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Who We Are

Green Community Connections provides a place to tap into conversations about sustainability issues and to identify concrete steps you can take. We believe change is both necessary and possible and the best way to get there is together. Learn more About Us.

Green ProAction Cafe #2: Moving from Ideas to Action

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The next Green ProAction Café will be held from 6 to 9 p.m., Monday, May 4, at the Oak Park Main Library, 834 Lake St., in Oak Park. The Green ProAction Café initiative is a series of three gatherings intended to create opportunities for dialogue and action focused on building a healthy and resilient community.

“The house was packed at our first event back in February. That was thrilling because our goal is to increase the number and diversity of residents engaged in planning and action for long-term sustainability.” said Sally Stovall, one of the event organizers and co-founder of Green Community Connections. “We also hope these ProAction Cafés will increase the connections and collaboration among both new and long-time sustainability advocates.”

Eighty-two residents participated in the first Green ProAction Café on February 10.  They filled the Veterans Room at the Oak Park Library with lively conversation as they shared ideas about eight resilience-building initiatives.  “You could feel the energy and enthusiasm in the room,” says Dick Alton, another event organizer and co-founder of Green Community Connections. “Attendees came from all areas of our community and represented community sustainability leaders, as well as residents new to the conversation.”

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Rev. Moss Kicks Off Green Earth Revival

OtisTo renew and deepen the commitment of the faith community to care for God’s creation, Euclid Avenue United Methodist Church in Oak Park will host an “Earth Revival” weekend.  Rev. Dr. Otis Moss III, senior pastor at Trinity United Church of Christ, will be the guest speaker focusing on “Love God, Live Green and Liberate All”  from 7 to 9 p.m. Friday, May 1The community is invited to join in this energizing and inspiring program followed by refreshments and conversation.

Rev. Moss says, “It is our moral obligation to fight injustice and inequality by cutting pollution and bringing good, clean energy jobs to every community.” Moss graduated from Yale Divinity School and the Chicago Theological Seminary. He has taught courses on the “Art of Prophetic Preaching in the Urban Context.”

The Friday evening event will be followed from 1 to 4 p.m. Saturday, May 2, by a series of Congregation and Individual Resource Workshops.  Area congregations, organizations and individuals are invited to participate in workshops including, Growing a Strong Green Team; Energy Efficiency (Elevate Energy); Solar Energy (Microgrid); Native Gardens (West Cook Wild Ones); Faith in Places Resources; Moving Toward Zero Waste (Biosphere Technology) and tours of Euclid’s solar and geothermal installations.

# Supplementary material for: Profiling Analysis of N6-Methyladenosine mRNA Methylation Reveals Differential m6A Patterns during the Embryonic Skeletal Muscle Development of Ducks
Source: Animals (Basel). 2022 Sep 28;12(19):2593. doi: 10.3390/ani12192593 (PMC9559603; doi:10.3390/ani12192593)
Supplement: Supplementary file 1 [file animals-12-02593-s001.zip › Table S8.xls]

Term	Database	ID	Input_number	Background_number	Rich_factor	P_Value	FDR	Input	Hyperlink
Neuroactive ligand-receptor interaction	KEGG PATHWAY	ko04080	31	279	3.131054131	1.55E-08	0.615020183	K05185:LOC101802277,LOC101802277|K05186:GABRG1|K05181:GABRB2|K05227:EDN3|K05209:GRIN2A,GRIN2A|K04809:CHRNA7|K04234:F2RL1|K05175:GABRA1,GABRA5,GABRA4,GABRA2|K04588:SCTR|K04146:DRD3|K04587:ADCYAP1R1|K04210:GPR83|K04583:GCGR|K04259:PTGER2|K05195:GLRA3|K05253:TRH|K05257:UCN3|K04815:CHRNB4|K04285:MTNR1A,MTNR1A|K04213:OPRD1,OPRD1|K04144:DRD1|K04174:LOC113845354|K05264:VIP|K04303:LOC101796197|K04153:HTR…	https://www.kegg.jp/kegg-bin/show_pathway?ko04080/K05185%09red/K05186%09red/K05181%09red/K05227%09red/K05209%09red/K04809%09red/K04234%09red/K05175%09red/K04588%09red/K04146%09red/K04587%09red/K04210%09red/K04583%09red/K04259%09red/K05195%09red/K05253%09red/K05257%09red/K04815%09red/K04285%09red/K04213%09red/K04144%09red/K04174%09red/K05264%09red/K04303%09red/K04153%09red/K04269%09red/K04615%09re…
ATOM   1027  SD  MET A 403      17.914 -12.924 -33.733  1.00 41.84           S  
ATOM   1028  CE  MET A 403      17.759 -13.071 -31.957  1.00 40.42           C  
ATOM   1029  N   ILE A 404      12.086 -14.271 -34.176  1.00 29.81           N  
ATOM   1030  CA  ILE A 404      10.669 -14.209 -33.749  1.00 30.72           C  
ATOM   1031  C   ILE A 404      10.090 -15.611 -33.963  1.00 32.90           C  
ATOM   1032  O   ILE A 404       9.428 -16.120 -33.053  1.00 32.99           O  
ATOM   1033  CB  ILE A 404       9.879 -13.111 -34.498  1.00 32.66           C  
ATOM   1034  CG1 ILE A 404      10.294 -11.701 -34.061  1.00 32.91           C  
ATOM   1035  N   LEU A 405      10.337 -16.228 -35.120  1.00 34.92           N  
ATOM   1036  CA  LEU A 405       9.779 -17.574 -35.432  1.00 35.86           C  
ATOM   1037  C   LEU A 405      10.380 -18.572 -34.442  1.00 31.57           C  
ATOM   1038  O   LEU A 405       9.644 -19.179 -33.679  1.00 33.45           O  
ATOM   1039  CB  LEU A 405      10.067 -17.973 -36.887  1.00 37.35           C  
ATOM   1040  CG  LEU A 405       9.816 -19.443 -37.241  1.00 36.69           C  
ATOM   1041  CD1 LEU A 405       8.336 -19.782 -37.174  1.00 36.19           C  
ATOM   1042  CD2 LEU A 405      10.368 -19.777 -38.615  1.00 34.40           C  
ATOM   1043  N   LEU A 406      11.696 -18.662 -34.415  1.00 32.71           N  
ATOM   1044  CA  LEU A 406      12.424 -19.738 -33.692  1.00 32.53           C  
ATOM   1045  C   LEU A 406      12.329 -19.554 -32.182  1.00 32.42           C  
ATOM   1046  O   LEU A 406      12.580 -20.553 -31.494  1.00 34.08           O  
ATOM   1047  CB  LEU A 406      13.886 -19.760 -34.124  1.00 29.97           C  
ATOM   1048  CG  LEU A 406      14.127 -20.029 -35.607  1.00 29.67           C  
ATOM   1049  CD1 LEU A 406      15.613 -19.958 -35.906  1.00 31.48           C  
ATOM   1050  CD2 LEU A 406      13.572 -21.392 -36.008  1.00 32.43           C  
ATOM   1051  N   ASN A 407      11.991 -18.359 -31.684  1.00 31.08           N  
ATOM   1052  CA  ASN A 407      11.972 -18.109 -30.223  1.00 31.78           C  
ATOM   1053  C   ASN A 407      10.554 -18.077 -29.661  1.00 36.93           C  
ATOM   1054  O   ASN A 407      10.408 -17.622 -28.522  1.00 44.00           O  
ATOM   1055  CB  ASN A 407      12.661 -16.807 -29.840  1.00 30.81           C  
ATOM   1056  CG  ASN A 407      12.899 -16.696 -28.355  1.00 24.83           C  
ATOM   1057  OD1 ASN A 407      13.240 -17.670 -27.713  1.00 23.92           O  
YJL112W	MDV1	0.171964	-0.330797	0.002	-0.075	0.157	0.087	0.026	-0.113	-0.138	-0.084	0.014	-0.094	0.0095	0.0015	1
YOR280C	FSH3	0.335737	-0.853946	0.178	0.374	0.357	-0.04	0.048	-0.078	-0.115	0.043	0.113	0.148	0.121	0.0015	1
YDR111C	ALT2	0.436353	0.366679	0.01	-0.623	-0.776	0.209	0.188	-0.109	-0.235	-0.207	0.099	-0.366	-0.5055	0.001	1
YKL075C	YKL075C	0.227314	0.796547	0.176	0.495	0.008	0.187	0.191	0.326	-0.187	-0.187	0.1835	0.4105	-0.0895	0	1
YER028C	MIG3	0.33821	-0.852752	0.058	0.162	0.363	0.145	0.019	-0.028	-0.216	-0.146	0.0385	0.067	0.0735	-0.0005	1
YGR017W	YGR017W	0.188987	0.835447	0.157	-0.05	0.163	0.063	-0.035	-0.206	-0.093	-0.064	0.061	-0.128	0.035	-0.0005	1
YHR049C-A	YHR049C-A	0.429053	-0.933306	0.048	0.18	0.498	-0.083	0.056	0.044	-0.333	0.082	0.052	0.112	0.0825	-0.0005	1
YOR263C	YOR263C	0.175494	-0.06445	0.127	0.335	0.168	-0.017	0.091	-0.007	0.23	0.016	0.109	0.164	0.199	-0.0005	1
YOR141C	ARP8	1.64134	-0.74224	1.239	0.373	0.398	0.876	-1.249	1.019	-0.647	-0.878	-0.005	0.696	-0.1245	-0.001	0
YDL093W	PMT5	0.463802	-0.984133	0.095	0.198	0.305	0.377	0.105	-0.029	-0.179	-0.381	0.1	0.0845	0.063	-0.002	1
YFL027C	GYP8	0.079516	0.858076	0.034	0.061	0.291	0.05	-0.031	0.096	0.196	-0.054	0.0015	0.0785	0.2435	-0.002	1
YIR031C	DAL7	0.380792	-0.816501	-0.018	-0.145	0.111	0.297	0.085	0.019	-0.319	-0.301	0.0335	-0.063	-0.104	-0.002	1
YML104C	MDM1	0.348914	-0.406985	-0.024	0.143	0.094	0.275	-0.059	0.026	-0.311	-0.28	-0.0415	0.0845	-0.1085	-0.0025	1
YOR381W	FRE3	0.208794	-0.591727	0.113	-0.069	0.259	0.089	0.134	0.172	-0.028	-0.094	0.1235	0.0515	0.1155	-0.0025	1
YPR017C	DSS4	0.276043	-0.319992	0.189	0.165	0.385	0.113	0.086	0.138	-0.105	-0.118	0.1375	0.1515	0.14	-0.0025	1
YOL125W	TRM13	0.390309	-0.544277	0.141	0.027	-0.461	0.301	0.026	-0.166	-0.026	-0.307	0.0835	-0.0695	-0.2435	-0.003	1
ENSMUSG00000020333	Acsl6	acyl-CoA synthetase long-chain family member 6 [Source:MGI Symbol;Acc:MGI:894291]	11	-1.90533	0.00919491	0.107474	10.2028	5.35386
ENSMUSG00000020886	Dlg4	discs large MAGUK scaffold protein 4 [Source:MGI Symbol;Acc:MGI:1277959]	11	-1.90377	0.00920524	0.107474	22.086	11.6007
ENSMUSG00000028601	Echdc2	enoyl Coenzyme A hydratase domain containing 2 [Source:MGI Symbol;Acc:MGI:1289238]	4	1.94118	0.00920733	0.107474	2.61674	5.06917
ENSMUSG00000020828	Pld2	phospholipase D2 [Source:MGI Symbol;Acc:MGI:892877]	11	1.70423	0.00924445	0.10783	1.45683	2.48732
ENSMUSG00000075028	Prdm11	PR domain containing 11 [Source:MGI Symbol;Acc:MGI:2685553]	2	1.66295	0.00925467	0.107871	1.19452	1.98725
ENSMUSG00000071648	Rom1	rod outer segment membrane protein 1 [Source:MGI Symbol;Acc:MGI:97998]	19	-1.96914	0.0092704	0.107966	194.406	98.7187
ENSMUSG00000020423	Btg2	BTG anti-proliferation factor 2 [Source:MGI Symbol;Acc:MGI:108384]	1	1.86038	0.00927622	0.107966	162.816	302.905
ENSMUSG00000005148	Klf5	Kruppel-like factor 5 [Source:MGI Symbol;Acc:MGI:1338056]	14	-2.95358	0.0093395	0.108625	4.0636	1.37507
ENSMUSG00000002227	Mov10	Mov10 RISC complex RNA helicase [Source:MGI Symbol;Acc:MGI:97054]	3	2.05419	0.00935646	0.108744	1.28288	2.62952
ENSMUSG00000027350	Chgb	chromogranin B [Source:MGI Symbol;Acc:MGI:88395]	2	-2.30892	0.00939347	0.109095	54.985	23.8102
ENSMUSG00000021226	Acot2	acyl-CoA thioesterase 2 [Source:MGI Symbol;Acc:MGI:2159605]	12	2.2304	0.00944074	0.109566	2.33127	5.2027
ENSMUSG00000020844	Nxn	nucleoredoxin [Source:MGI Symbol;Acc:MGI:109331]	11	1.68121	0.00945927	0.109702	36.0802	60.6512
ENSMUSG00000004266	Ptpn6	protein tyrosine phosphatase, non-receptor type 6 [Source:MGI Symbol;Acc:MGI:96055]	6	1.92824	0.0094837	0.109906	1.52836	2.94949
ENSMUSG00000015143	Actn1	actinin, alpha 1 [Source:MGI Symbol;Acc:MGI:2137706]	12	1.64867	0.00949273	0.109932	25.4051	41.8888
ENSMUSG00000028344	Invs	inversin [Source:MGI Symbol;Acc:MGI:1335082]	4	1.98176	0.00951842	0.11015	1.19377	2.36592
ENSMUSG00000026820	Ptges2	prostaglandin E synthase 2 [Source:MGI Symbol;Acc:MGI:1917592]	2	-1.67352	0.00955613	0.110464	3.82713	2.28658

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Meet Native Plant Experts at Wild Ones Conference

WildPosterWest Cook Wild Ones will present Living Landscapes: A Native Gardening Conference and Native Plant Sale from 11 a.m. to 5 p.m. Sunday, May 17, at Dominican University, 7900 W. Division St., in River Forest.  As keynote speaker, renowned author Doug Tallamy (“Bringing Nature Home”) will share his ideas on how we can reverse the decline in birds, bees, butterflies and other wildlife by creating islands of habitat in our own backyards. In addition, seven native plant experts will conduct workshops on topics ranging from rain gardens to rare plants to food gardens.

One of these presenters, Trish Beckjord, works for Midwest Ground Covers and specializes in ecological design, helping people see the beauty of native plants. She holds a master’s degree in landscape architecture from the University of Michigan School of Natural Resources and Environment.

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Oak Park Named an Arboretum

birdontree2Now when Oak Park residents step outside, they will have the pleasure of knowing they’re taking a stroll in an officially designated arboretum.

The Morton Arboretum announced the accreditation recently in a letter to the village from its president and CEO, Gerard Donnelly. Based in Lisle, The Morton Arboretum created the program that gives municipalities arboretum status “to encourage knowledge, experience and resource sharing among keepers of tree-focused public gardens,” a message posted on the village’s website says.

Oak Park’s accreditation is unusual in that it’s for the entire Village, not a defined area such as a park. A recent inventory counted 18,744 trees on Village-owned property and another 2,572 on Park District properties. The Village and Park District of Oak Park submitted a joint application several months ago for accreditation through the ArbNet Arboretum Accreditation Program.

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Thank you to our Presenting Sponsors from the One Earth Film Festival.

    

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